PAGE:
Fuelled By Albertans: Aheer Launches UCP Bid In Calgary

Chestermere - Strathmore MLA Leela Aheer was in Calgary ramping up her run to be the next leader of the United Conservative Party and Premier of Alberta.

Speaking to about 100 supporters in North East Calgary, Aheer laid it out on the line in her speech to the attendees. She stated that the party has made mistakes in the past, but the party has grown stronger and learnt from the past.

The UCP candidate said that the next leader has to be someone that is humble and be willing to be a team player "(We need) a leader that doesn't stand in front of you, but someone who stands beside's you, someone whose shoulders you stand on."

Aheer said that being the leader of the UCP will ultimately mean finding where the talent lies in the caucus, "I think the biggest issue that we've had in the past is that there just wasn't that ability to bond and find out where everybody's talents and strengths were."

She added that so much can be accomplished when everyone works together for one common goal, " [T]hink about what we can actually accomplish if we work together. And if we have solid policies that are Alberta-based policies that are centred and grounded in conversation and consultation, you just have a very different buy-in." She continues to say that the next premier will have to act like a choir director, "You have to have a conductor that understands the various talents and gifts of all of those people."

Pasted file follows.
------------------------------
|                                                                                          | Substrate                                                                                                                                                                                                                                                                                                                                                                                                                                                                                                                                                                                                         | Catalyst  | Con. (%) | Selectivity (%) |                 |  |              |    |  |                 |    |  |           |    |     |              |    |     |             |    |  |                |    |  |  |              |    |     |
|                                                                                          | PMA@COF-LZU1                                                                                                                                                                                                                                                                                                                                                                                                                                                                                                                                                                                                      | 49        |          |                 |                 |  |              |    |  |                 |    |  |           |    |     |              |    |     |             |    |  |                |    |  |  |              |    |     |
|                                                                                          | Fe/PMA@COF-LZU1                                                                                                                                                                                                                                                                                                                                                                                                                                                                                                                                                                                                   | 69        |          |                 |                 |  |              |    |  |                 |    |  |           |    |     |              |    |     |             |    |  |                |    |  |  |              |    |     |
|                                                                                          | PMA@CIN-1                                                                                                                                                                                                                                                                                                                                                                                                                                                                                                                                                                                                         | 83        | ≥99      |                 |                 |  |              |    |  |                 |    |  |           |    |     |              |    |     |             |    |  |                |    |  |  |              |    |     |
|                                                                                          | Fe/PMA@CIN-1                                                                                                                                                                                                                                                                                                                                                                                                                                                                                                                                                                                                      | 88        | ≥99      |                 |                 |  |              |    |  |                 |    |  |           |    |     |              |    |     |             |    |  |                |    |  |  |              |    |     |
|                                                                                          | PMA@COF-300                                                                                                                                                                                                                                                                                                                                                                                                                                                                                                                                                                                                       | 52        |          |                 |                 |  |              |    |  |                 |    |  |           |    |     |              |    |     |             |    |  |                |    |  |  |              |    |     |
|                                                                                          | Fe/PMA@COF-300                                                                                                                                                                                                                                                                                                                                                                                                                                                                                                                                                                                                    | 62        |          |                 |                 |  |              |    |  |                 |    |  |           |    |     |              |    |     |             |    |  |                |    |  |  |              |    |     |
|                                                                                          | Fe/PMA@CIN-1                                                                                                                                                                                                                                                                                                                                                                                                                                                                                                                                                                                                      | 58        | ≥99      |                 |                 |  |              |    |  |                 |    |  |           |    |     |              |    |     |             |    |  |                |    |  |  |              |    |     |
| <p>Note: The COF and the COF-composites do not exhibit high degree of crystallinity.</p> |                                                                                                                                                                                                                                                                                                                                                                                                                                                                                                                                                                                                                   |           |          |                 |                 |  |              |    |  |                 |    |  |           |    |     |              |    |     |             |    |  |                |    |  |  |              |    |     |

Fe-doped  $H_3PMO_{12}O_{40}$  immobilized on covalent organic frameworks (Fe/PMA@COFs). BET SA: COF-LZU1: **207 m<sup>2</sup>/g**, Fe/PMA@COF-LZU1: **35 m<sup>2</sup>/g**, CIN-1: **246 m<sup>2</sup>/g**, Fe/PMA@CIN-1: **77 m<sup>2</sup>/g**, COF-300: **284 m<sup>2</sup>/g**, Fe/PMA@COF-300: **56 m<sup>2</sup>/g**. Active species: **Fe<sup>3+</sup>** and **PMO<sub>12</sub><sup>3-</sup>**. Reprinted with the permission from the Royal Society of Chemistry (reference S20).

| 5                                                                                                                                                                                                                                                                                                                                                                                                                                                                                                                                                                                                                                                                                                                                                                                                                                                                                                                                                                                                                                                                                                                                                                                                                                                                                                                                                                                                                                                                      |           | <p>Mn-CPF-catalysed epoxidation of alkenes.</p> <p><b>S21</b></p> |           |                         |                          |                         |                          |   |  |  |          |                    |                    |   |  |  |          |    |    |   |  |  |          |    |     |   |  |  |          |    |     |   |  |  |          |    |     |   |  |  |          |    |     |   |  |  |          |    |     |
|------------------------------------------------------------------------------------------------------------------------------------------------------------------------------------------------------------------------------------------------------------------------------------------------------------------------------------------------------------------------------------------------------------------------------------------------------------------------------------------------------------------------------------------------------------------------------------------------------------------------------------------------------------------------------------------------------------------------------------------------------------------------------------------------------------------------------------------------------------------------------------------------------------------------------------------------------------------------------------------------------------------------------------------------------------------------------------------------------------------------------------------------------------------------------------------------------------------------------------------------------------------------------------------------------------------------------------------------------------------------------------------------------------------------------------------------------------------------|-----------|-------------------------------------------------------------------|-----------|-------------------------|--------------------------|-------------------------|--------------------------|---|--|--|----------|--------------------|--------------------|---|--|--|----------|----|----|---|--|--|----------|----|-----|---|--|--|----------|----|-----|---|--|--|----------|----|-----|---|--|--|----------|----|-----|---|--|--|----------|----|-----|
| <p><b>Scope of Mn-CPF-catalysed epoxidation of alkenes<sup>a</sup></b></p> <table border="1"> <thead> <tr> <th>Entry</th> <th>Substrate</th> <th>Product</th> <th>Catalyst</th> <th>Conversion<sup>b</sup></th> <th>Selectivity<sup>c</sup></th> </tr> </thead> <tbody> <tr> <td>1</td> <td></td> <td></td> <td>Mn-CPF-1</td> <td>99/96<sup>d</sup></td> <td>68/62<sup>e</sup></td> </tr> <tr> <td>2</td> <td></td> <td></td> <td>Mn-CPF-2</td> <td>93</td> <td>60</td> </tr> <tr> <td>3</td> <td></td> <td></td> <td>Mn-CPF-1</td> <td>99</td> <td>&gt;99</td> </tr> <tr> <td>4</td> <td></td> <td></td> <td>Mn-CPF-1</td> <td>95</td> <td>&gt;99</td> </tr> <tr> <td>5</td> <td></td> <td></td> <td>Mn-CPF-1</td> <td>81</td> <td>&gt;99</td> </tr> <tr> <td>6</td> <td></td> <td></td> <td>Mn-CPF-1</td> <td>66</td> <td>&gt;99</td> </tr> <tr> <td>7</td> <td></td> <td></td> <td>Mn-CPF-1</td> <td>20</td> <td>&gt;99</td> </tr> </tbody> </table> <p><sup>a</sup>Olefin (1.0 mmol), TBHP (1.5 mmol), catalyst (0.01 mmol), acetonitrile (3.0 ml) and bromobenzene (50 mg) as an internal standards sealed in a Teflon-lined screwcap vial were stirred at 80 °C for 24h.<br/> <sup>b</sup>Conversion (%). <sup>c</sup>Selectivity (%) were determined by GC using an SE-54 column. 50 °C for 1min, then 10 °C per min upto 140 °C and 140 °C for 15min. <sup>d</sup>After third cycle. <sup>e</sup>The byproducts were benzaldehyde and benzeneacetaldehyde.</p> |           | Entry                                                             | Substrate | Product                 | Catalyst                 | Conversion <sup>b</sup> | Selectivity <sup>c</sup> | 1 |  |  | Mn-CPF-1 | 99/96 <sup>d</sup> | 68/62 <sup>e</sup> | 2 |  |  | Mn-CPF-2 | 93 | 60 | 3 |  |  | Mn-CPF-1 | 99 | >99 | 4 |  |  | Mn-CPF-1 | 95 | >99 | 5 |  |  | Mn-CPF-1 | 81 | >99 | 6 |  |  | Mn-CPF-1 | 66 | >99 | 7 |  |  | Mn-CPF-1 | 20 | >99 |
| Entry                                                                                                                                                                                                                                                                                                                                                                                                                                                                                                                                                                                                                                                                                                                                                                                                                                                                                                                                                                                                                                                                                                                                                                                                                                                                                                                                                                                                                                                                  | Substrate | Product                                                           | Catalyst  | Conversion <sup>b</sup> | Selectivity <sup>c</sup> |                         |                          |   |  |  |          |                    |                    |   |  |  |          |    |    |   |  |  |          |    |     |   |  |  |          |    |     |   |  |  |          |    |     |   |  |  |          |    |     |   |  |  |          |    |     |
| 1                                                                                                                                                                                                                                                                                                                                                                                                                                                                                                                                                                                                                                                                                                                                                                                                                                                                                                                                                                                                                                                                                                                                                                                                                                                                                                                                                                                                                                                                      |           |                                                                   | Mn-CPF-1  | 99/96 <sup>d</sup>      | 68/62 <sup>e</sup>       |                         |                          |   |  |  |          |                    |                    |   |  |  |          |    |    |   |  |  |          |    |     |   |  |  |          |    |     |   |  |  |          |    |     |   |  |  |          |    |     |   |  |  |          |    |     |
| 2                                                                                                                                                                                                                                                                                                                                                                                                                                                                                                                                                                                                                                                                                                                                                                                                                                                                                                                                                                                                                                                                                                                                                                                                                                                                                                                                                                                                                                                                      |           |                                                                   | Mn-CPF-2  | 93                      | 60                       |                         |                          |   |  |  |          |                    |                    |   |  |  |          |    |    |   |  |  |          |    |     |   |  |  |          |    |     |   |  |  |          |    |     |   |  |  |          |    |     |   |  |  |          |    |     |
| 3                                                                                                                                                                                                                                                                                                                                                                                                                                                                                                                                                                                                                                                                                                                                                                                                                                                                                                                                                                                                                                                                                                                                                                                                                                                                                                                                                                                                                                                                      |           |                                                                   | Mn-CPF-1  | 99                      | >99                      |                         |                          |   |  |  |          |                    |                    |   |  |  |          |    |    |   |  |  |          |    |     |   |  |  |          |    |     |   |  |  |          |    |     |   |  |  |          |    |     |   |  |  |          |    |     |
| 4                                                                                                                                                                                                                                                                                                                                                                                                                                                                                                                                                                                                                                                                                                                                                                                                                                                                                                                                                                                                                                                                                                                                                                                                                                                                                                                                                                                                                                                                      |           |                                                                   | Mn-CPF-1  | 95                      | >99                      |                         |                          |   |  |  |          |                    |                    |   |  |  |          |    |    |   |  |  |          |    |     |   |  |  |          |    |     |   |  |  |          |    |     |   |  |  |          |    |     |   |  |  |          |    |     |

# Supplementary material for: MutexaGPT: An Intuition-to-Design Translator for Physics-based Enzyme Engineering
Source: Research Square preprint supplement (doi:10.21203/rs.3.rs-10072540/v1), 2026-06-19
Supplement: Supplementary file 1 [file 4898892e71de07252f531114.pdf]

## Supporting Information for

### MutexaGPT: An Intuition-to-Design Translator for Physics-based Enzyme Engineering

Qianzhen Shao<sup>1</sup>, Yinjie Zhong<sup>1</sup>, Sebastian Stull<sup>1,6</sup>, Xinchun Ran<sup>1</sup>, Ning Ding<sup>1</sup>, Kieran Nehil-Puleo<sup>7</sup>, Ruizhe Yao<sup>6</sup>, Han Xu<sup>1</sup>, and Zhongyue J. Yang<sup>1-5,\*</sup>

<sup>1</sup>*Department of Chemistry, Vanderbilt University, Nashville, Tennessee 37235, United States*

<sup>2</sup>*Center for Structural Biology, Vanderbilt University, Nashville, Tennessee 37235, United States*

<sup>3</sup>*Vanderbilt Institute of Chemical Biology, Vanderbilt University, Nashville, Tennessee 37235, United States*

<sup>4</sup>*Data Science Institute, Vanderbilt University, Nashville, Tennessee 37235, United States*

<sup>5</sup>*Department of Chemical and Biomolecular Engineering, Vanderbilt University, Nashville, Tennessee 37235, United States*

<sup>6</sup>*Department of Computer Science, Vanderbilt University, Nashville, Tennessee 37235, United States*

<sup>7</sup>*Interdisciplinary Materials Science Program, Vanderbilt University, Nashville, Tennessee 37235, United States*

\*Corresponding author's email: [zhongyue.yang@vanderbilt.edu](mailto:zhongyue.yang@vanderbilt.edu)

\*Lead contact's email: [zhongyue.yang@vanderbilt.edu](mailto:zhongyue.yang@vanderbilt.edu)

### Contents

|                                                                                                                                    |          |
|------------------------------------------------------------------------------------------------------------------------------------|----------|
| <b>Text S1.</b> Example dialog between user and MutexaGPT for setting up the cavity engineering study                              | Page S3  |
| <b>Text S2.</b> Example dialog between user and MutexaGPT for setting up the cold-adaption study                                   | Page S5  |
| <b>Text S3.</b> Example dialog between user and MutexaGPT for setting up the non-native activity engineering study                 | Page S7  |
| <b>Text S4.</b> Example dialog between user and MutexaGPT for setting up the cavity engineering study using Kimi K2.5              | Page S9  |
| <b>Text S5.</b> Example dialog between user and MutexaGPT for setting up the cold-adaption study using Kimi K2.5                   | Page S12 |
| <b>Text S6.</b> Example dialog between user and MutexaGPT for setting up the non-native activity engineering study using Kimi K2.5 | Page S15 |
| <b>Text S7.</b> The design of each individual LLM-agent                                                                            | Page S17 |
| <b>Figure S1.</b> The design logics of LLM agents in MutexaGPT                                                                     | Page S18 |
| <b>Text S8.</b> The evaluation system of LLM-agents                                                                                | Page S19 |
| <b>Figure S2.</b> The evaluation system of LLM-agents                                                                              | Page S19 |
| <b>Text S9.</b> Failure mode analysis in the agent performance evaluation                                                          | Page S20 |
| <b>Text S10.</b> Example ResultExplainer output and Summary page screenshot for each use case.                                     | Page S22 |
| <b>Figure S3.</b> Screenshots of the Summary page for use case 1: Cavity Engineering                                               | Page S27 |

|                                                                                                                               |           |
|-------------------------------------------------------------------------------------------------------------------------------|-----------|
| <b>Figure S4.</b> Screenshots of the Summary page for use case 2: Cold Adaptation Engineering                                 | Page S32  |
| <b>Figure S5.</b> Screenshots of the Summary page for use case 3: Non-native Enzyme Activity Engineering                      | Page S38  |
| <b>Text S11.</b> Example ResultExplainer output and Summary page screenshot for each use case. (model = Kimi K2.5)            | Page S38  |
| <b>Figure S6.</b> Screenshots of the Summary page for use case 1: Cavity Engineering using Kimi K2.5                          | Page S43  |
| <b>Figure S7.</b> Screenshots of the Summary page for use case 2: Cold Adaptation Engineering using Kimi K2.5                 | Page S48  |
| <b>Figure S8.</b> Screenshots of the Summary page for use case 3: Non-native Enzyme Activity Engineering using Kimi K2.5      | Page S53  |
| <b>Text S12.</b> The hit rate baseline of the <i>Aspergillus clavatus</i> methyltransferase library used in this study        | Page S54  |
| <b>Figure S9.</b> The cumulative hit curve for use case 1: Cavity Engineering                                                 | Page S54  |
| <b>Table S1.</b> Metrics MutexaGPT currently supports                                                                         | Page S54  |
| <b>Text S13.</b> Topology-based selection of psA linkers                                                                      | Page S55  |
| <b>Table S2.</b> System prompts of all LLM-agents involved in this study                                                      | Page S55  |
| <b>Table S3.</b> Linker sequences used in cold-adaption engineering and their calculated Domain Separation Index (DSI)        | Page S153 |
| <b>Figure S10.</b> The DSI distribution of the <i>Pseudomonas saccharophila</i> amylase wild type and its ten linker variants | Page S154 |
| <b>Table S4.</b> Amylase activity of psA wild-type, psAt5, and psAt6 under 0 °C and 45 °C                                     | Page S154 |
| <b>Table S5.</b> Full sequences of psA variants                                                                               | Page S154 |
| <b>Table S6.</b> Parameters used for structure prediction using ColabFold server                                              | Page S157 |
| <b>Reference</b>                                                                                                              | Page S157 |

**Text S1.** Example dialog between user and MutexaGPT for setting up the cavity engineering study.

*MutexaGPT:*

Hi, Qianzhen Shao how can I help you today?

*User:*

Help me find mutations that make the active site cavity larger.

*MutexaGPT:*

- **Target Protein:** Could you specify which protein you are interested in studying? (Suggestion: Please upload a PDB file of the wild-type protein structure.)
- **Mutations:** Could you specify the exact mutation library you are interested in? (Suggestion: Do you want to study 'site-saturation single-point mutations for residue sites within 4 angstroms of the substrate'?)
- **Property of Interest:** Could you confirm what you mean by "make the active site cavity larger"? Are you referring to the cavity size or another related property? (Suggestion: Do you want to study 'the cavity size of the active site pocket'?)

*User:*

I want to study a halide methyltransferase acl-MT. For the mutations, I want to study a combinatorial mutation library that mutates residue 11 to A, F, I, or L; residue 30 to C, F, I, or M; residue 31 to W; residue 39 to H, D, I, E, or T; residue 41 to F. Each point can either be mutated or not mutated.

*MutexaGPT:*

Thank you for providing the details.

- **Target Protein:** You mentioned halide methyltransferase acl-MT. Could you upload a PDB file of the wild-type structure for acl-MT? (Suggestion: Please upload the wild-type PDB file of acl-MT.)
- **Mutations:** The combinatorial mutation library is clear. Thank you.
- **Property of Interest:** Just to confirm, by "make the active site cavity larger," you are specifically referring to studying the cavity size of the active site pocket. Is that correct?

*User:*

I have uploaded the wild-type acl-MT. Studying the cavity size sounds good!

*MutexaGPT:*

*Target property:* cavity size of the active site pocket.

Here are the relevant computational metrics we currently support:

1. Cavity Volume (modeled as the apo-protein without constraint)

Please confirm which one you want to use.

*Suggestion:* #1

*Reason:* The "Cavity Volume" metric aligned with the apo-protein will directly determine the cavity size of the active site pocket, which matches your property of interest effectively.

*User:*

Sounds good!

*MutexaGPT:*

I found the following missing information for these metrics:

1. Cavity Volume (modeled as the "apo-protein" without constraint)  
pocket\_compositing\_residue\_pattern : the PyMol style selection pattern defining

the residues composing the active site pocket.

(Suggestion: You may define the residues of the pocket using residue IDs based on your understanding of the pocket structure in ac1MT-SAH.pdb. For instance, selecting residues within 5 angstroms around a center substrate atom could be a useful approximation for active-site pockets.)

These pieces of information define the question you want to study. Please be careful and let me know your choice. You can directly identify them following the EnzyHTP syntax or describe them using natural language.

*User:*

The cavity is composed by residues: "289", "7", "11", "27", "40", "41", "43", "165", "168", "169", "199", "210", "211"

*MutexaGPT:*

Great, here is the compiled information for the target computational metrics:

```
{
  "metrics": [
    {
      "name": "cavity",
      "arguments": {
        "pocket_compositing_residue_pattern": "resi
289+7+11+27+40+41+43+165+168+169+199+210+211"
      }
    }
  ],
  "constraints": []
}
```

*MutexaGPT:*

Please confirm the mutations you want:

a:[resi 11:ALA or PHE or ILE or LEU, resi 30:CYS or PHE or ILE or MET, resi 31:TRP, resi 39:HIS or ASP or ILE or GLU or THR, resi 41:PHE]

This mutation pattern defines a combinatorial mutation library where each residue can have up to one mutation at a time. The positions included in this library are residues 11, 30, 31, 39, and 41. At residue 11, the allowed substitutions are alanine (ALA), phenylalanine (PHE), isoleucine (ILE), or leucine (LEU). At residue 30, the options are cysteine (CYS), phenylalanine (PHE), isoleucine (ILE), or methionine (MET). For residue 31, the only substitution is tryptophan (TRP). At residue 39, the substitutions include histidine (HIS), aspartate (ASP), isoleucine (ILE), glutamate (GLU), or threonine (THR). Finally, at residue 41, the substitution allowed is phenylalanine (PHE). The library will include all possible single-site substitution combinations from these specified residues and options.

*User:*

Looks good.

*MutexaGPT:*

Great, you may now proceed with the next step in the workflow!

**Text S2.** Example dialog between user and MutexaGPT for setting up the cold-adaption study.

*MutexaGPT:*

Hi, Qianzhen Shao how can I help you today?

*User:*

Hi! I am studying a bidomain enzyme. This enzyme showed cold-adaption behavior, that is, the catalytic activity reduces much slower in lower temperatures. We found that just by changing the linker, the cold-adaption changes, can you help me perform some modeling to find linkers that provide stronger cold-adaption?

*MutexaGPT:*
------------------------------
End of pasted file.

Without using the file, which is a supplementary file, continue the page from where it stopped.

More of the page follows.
Two areas in which the party will need to address after a new leader is elected are listening and consultation Aheer openly stated.

When asked about the news release from 72 municipalities mayors, and reeves across Alberta, and the National Police Federation, regarding the implementation of a provincial police force, Aheer said that it shows to her that the province hasn't consulted enough on the issue, "We haven't consulted enough (regarding the issue of a provincial police force).

"(Alberta has) a lot of rural areas that are really frustrated, so we have a lot of work to do. The question I would ask you back is that if we were to have provincial police or have a rural police force, are you actually changing and fixing the issues that (rural Albertans) are facing?"